Sunday, April 25, 2010


(Warning: this blog may be offensive.)

Trey Parker and Matt Stone, the creators of South Park, are more than familiar with controversy. In fact, they court it. In their raunchy, bitterly satirical and frequently hilarious show, they have left no important figure -- be he/she celebrity, politician, or religious icon -- unskewered. Their two-part two hundredth episode presented the scenario that a total of two hundred celebrities, lampooned on South Park at various times, were determined to destroy the town of South Park, CO in revenge for its rampant insensitivity. Only one way could the citizens save themselves: hand over Muhammad, prophet of the Muslim faith, so that they might ciphon off his coveted "power not to be made fun of." The prophet agreed to help save the city, but since his image must never be shown, he had to appear in a giant bear suit. Outside the suit, he was represented by a giant black bar reading CENSORED.

In the first part of the episode, the name "Muhammad" was spoken clearly. By the time Comedy Central aired the second part, Parker and Stone and the network had received some suspicious messages from a group calling themselves "Revolution Muslim," hinting that Parker and Stone might meet the same fate as Theo van Gogh, a Dutch filmmaker murdered by Muslim extremists who didn't like his documentary film that shone a spotlight on the brutal treatment of women in many parts of the Muslim world. As a result, in the second part, the prophet's name was "bleeped," along with Kyle's "what-have-we-learned" homily that intimidation is not the appropriate response to ridicule.

Many conservative and libertarian bloggers have blasted Comedy Central and corporate sponsor Viacom for their cowardice, and some have praised Parker and Stone for their courage. I won't reiterate the points they've made. But the one part of this little incident that sticks in my mind is Revolution Muslim's evocation of Theo van Gogh -- their implication that the murdered documentarian got what he deserved for his "defamation" of Islam. I'm left considering what "defamation" really means, and how a religious faith might be "defamed."

Van Gogh's murderers didn't like his efforts to expose the savage violence to which women are subjected on a regular basis in the name of Sharia, or Islamic Law. Yet where does the defamation lie -- in van Gogh's determination to make this situation known, or in the situation itself? Who is really making Islam look bad -- van Gogh, or the men who treat women like untermensch in the name of religion?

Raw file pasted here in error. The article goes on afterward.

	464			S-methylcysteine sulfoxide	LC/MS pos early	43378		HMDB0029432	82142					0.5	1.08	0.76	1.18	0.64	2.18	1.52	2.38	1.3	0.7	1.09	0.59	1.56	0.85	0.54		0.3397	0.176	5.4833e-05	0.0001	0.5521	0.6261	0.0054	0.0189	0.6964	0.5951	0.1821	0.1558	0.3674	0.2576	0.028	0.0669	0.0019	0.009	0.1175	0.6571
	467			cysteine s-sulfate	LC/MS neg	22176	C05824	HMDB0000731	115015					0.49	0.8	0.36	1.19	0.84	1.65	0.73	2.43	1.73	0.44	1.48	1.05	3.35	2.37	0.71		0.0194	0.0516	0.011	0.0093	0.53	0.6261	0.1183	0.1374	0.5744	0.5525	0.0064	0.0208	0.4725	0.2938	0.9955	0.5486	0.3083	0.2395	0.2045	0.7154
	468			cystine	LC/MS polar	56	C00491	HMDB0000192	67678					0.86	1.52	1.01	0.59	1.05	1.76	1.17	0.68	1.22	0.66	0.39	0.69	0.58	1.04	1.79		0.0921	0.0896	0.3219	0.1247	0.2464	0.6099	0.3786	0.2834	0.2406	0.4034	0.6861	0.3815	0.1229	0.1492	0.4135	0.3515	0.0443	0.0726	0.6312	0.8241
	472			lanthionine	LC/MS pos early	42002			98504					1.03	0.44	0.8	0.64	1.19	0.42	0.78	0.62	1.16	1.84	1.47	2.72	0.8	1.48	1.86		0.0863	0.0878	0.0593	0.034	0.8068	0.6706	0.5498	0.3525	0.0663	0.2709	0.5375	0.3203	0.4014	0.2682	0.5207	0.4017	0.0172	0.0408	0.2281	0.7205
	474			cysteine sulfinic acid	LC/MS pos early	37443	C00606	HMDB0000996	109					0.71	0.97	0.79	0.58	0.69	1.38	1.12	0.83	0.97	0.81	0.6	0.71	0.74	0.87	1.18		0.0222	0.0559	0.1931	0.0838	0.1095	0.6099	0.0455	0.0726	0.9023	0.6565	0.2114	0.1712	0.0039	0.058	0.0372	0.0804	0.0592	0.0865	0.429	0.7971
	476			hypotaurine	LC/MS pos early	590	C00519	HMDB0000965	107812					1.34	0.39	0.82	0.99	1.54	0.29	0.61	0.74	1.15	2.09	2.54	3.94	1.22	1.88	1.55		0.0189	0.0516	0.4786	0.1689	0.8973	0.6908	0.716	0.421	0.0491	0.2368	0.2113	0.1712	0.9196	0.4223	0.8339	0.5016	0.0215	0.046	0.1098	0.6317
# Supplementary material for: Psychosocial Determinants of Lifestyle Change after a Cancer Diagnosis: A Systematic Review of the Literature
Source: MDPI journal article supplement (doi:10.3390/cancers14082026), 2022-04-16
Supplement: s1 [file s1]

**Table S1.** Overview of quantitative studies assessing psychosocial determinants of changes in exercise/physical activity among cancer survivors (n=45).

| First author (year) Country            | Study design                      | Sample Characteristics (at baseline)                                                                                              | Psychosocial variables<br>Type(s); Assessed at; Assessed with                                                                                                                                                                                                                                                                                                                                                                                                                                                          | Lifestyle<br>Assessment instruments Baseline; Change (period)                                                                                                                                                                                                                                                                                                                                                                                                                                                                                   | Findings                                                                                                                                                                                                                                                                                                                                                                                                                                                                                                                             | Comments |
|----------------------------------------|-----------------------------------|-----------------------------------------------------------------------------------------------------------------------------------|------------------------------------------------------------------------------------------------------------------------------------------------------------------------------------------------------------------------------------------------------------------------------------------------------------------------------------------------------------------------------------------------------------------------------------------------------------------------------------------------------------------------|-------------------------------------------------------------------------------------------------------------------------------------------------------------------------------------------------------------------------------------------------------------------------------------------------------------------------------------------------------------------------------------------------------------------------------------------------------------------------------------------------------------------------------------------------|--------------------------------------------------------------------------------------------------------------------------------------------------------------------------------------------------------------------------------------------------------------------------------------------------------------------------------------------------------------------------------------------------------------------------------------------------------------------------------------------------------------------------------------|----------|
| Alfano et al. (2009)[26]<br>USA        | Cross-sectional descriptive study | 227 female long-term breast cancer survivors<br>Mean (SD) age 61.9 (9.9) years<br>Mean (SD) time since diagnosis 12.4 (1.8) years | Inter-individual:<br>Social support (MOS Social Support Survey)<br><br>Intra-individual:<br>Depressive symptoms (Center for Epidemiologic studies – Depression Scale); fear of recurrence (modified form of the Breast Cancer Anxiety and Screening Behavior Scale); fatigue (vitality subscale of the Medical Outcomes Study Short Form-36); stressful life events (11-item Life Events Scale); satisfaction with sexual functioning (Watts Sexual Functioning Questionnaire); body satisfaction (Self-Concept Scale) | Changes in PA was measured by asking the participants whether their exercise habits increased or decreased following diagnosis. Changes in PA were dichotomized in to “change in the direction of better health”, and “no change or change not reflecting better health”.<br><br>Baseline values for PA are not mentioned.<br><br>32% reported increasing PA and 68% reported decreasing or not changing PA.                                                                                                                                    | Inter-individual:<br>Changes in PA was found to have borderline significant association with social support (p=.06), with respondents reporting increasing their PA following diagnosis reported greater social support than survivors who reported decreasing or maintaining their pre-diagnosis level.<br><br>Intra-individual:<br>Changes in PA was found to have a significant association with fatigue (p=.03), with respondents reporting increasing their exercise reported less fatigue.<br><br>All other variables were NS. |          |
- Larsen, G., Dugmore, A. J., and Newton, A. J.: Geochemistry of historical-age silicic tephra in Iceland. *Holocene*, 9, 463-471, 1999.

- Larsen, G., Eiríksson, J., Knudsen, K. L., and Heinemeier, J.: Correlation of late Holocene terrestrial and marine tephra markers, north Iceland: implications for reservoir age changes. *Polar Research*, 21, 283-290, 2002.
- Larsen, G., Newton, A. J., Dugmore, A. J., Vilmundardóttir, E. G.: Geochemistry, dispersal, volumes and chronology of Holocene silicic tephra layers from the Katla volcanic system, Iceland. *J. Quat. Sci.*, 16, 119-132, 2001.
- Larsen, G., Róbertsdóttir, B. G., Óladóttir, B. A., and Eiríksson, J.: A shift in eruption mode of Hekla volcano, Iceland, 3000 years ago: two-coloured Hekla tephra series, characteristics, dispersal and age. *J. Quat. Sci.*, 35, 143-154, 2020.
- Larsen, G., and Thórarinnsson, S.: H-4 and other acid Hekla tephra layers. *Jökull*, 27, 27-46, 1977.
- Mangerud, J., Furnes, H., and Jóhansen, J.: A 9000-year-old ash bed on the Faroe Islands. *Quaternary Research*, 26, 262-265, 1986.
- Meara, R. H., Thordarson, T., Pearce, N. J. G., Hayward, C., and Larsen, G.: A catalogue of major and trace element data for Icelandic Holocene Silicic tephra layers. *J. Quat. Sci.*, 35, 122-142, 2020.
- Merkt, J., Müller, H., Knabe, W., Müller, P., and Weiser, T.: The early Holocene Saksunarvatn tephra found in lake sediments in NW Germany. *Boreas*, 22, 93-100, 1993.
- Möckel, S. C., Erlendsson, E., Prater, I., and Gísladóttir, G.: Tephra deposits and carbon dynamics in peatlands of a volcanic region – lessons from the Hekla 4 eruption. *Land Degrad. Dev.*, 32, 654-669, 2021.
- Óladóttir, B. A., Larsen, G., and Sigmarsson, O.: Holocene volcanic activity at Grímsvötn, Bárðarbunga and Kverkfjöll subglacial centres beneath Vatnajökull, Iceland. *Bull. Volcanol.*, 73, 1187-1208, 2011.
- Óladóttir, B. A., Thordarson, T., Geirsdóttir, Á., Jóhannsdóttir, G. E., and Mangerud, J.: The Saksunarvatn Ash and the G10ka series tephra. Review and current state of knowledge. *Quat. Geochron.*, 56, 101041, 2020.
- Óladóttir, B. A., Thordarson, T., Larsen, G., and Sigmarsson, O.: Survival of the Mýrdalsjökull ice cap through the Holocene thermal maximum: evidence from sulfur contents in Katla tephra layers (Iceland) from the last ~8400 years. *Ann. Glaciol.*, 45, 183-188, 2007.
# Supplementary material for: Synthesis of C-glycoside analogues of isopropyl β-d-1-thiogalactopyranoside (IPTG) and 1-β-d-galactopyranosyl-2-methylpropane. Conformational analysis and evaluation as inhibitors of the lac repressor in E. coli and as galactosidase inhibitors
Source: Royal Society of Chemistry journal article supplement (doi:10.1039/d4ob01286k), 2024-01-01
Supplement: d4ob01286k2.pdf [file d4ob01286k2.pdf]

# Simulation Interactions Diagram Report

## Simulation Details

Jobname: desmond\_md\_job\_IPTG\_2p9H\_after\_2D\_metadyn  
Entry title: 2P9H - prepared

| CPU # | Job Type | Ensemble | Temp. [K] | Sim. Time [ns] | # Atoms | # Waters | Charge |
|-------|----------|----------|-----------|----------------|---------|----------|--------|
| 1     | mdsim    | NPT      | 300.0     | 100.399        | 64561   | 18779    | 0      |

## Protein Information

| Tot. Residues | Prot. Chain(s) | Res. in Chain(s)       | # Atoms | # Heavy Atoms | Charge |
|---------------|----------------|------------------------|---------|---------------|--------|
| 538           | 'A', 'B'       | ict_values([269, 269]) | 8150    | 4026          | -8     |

Where is the disgrace to Islam -- in a South Park episode that mentions Muhammad's name, or in a group of schoolgirls trapped in a burning building by the religious police in Saudi Arabia, because they weren't "properly dressed" to come outside onto the public street?

If Revolution Muslim is looking for the real damage to their faith, I suggest they're looking in the wrong place.

It's been over four years, but I still remember a horrific news story of a father in Pakistan who reacted violently when his family's "honor" was compromised by his twenty-one-year-old stepdaughter, who was committing adultery. Granted, adultery is a sin, a moral crime, but are multiple stab wounds a proportional response? I would say not. Yet in the father's eyes, killing the adulterous stepdaughter did not suffice to cleanse the stain of dishonor. He went on to murder his own daughters, the youngest four years old, lest they be "tainted" by their stepsister's example. Imagine for a moment a four-year-old girl with a round face, big brown eyes, chubby arms stretched out for a hug. Think about her smile. Then try to wrap your mind around how anyone could erase that smile with a knife.

Here in the U.S., if a man butchers his own little girl, we call him a murderer (along with lots of less polite names), and we either execute him or send him to jail (where his fellow prisoners might execute him; even criminals don't think highly of scum who murder children). But in Pakistan, he simply goes home. The law can't touch him; it says he has done no wrong. Though once led by a female president, Benazir Bhutto, Pakistan refuses to treat "honor killings" as murders. And so the little girl goes unmourned. Her brother, five years old at the time of her death (and left alive because evidently he wasn't tainted or dishonored -- proof positive that the little girl was murdered for no other "sin" than being female), will in time forget he ever had a sister.

What disgraces a religious faith? Horrific crimes committed in its name. The days when Southern preachers spouted Christian scripture as a defense for the abominable institution of slavery were dark ones indeed for Christianity. Preachers who claimed the Holocaust was God's work served as further embarrassment to genuine believers, true to the spirit as well as the letter of their faith. Likewise, that little girl's death stands as an embarrassment to Islam, because her father believed his actions were "holy."

So it wasn't van Gogh who defamed Islam; it was the crimes he was out to expose. Extremists silenced the truth-teller, but the real disgrace goes on, and every "honor killing" makes sincere believers weep. Once the murders end, and the murderers are punished, the real defamation, the genuine stain will wash away.

No comments:

Post a Comment